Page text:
After a few years of using the Montblanc, a friend led me to a small pen shop in Tokyo and urged me to try a Pelikan Souverän. I mark that as the day my eyes were first opened to the beauty and craft of fountain pens. I experienced then the particular Pelikan joy of written words generated by a well-made fountain pen. That day I bought my first Pelikan, a Souverän 600. I have never wavered in my enchantment with Pelikan, and since that first Souverän have added another five Pelikan fountain pens to my treasure box of pens.
I like all of my Pelikans, but view one of them as the jewel in the crown. A year ago I bought a vintage Pelikan 100N from a dealer in Budapest, Hungary. The pen came to me in excellent condition, and from the first day became a special member of my collection.
The Pelikan 100N (N for ‘neu’ or ‘new’) was a modification of the 100, and was first produced in 1938. Some say that the 100 and 100N marked the beginning of Pelikan’s distinctive styling. The company produced the pen in a number of different versions, or models. For example, the export model was slightly different from that produced for domestic use. It was during Germany’s war years, and that fact determined things like available materials. During those years, the pens were all made with nickel or steel nibs and pocket clips.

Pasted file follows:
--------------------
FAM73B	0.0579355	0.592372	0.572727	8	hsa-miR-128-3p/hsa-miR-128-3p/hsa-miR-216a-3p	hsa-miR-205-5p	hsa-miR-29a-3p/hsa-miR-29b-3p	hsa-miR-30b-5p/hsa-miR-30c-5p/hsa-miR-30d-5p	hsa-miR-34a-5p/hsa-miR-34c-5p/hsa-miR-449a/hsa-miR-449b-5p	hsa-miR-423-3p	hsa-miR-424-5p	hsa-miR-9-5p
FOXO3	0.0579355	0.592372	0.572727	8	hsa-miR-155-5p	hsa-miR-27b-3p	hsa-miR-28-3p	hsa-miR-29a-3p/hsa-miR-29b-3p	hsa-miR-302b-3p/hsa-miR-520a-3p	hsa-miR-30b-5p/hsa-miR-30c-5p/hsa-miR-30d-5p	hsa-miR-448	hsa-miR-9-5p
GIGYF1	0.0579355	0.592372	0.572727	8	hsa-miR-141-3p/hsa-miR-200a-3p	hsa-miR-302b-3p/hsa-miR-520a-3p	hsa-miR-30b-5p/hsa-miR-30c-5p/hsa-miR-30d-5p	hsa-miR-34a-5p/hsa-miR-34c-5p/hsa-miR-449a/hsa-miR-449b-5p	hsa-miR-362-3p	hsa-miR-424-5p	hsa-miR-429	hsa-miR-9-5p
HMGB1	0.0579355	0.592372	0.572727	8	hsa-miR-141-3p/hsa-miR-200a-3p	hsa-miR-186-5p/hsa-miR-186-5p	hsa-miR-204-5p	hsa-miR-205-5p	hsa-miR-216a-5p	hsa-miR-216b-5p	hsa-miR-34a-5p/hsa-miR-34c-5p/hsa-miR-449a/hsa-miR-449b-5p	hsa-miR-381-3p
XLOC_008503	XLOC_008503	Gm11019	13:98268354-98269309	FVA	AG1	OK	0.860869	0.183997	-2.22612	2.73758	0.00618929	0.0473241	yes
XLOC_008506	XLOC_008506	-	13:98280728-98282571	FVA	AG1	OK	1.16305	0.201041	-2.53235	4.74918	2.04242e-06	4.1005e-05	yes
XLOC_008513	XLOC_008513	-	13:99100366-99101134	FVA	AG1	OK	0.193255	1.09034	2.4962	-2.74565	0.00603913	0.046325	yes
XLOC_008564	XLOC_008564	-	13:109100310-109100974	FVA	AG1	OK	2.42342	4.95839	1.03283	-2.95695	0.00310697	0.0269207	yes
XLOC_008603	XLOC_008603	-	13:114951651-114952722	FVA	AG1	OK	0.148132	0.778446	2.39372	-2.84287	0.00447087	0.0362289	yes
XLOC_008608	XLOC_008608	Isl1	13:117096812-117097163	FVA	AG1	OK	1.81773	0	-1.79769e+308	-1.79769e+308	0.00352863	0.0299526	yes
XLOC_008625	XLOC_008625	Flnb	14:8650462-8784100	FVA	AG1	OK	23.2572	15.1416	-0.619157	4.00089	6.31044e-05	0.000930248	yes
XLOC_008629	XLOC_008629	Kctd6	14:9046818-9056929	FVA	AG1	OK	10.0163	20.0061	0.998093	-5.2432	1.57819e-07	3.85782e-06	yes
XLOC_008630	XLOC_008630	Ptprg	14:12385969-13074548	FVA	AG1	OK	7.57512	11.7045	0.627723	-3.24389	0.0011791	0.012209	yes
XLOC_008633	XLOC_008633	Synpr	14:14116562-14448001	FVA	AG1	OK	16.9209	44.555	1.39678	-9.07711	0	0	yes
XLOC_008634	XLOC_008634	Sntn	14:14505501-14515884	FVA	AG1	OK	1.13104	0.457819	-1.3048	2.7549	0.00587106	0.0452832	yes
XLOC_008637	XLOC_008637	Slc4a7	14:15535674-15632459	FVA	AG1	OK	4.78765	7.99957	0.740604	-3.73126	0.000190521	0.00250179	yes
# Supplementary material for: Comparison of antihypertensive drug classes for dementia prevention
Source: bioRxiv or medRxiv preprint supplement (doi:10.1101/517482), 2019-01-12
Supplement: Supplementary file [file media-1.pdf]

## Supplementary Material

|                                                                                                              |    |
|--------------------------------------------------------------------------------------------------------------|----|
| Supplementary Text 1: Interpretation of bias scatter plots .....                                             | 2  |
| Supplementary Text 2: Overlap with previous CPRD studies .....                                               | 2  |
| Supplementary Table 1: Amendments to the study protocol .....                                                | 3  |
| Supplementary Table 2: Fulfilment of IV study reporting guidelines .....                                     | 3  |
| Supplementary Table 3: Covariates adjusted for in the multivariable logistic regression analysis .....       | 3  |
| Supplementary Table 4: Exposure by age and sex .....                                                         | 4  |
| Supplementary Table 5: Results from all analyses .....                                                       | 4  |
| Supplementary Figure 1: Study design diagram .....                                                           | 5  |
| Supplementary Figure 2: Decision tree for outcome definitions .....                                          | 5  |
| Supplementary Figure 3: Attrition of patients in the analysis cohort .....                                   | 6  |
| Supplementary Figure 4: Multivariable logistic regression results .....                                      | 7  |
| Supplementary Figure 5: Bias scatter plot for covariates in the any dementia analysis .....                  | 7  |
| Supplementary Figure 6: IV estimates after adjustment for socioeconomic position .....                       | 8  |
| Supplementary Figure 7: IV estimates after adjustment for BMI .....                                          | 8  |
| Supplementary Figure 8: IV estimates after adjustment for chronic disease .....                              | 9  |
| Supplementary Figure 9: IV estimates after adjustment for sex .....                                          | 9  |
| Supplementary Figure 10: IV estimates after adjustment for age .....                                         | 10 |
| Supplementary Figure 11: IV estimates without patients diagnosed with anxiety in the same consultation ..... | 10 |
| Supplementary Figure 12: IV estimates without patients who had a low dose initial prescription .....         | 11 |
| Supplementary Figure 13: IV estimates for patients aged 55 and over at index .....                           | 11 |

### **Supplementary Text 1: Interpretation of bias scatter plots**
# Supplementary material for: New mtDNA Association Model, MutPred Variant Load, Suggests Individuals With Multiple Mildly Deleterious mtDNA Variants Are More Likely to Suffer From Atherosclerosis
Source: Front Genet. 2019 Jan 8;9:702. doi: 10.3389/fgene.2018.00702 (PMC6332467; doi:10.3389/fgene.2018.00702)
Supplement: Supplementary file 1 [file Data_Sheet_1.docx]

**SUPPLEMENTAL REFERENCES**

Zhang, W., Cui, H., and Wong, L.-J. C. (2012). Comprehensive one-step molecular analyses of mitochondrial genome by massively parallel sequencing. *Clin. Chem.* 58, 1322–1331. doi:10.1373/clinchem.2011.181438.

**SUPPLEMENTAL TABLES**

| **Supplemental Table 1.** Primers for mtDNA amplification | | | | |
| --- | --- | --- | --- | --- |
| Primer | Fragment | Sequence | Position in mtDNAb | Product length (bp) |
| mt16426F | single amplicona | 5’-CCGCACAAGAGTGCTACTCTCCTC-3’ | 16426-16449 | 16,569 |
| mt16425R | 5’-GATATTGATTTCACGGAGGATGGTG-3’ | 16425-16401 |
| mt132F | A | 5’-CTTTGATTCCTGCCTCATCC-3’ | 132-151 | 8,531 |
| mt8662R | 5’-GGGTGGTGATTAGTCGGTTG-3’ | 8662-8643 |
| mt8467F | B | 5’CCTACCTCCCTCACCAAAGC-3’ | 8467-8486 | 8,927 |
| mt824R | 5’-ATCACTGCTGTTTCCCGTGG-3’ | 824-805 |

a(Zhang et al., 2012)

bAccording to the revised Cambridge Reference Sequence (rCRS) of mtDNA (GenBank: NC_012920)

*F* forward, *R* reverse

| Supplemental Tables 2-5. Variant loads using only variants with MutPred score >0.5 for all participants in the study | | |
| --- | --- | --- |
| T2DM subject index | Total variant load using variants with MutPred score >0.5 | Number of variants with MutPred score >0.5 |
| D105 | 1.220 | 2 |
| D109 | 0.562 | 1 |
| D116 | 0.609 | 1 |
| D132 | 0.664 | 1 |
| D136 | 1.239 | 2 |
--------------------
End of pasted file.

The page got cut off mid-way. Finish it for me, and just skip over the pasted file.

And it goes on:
My own 100N was manufactured in the years immediately after WWII, between 1947 and 1951. The barrel of the pen is marbled gray celluloid with a bottle green ink window (a post war feature). The cap is black with a 14 carat gold plated pocket clip and single band—both with a fluted design. The nib is 14 carat and the size is M. The logo on the top of the cap shows the traditional Pelikan design, with two chicks in the nest, and is white-filled engraving. Around the top of the cap (not seen in the photos) is ‘Pelikan PATENT’ also in white-filled engraving.
The pen measures 12.3 centimeters (5.24 inches) and 15.5 centimeters (6.1 inches) posted.
I have written in an earlier post (Rainy Day Favorites) a brief description of the 100N’s quality of writing. I will repeat that brief description here: The 100N makes a sound that I like very much as it moves across the paper. Other Pelikan pens have nibs that flow across the page without a murmur, but for some reason (related to age?), the 100N whispers to the paper in a soft susurrus as the words unfold. Ears as well as eyes bear witness to the pen’s writing.
This is one that I expect won’t allow my enthusiasm for fountain pens to wane.